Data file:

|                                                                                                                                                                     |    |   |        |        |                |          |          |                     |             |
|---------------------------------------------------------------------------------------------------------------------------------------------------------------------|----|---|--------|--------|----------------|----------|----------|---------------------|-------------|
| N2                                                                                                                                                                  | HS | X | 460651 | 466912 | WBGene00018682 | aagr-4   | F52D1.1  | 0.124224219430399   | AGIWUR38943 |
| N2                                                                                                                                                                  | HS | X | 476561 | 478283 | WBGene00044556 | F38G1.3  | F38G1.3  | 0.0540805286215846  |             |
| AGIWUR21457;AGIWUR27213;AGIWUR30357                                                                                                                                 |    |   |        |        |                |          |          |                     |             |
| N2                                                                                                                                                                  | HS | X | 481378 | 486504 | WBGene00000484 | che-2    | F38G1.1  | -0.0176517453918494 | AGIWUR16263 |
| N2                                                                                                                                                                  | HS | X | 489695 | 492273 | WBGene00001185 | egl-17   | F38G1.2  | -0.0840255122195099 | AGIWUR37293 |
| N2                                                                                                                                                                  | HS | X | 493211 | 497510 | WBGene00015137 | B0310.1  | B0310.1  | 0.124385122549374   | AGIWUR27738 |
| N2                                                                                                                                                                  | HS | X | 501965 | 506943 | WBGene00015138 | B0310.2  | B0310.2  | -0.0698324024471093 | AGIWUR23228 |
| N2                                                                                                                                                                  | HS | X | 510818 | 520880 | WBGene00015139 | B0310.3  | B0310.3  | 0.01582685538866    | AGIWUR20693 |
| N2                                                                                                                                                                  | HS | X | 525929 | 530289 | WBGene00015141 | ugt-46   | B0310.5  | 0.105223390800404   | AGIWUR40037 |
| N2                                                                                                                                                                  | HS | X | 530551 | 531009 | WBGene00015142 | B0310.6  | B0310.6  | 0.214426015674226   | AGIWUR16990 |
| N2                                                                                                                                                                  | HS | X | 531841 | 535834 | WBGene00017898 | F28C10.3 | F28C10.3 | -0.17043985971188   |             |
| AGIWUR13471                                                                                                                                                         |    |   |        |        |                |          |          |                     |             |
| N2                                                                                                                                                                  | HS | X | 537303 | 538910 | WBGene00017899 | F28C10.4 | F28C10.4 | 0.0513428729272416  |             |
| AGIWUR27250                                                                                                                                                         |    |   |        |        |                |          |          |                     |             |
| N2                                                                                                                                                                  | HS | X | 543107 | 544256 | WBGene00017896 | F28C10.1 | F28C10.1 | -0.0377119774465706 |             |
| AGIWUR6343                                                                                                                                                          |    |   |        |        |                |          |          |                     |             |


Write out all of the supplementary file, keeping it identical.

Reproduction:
|                                                                                                                                                                     |    |   |        |        |                |          |          |                     |             |
|---------------------------------------------------------------------------------------------------------------------------------------------------------------------|----|---|--------|--------|----------------|----------|----------|---------------------|-------------|
| N2                                                                                                                                                                  | HS | X | 460651 | 466912 | WBGene00018682 | aagr-4   | F52D1.1  | 0.124224219430399   | AGIWUR38943 |
| N2                                                                                                                                                                  | HS | X | 476561 | 478283 | WBGene00044556 | F38G1.3  | F38G1.3  | 0.0540805286215846  |             |
| AGIWUR21457;AGIWUR27213;AGIWUR30357                                                                                                                                 |    |   |        |        |                |          |          |                     |             |
| N2                                                                                                                                                                  | HS | X | 481378 | 486504 | WBGene00000484 | che-2    | F38G1.1  | -0.0176517453918494 | AGIWUR16263 |
| N2                                                                                                                                                                  | HS | X | 489695 | 492273 | WBGene00001185 | egl-17   | F38G1.2  | -0.0840255122195099 | AGIWUR37293 |
| N2                                                                                                                                                                  | HS | X | 493211 | 497510 | WBGene00015137 | B0310.1  | B0310.1  | 0.124385122549374   | AGIWUR27738 |
| N2                                                                                                                                                                  | HS | X | 501965 | 506943 | WBGene00015138 | B0310.2  | B0310.2  | -0.0698324024471093 | AGIWUR23228 |
| N2                                                                                                                                                                  | HS | X | 510818 | 520880 | WBGene00015139 | B0310.3  | B0310.3  | 0.01582685538866    | AGIWUR20693 |
| N2                                                                                                                                                                  | HS | X | 525929 | 530289 | WBGene00015141 | ugt-46   | B0310.5  | 0.105223390800404   | AGIWUR40037 |
| N2                                                                                                                                                                  | HS | X | 530551 | 531009 | WBGene00015142 | B0310.6  | B0310.6  | 0.214426015674226   | AGIWUR16990 |
| N2                                                                                                                                                                  | HS | X | 531841 | 535834 | WBGene00017898 | F28C10.3 | F28C10.3 | -0.17043985971188   |             |
| AGIWUR13471                                                                                                                                                         |    |   |        |        |                |          |          |                     |             |
| N2                                                                                                                                                                  | HS | X | 537303 | 538910 | WBGene00017899 | F28C10.4 | F28C10.4 | 0.0513428729272416  |             |
| AGIWUR27250                                                                                                                                                         |    |   |        |        |                |          |          |                     |             |
| N2                                                                                                                                                                  | HS | X | 543107 | 544256 | WBGene00017896 | F28C10.1 | F28C10.1 | -0.0377119774465706 |             |
| AGIWUR6343                                                                                                                                                          |    |   |        |        |                |          |          |                     |             |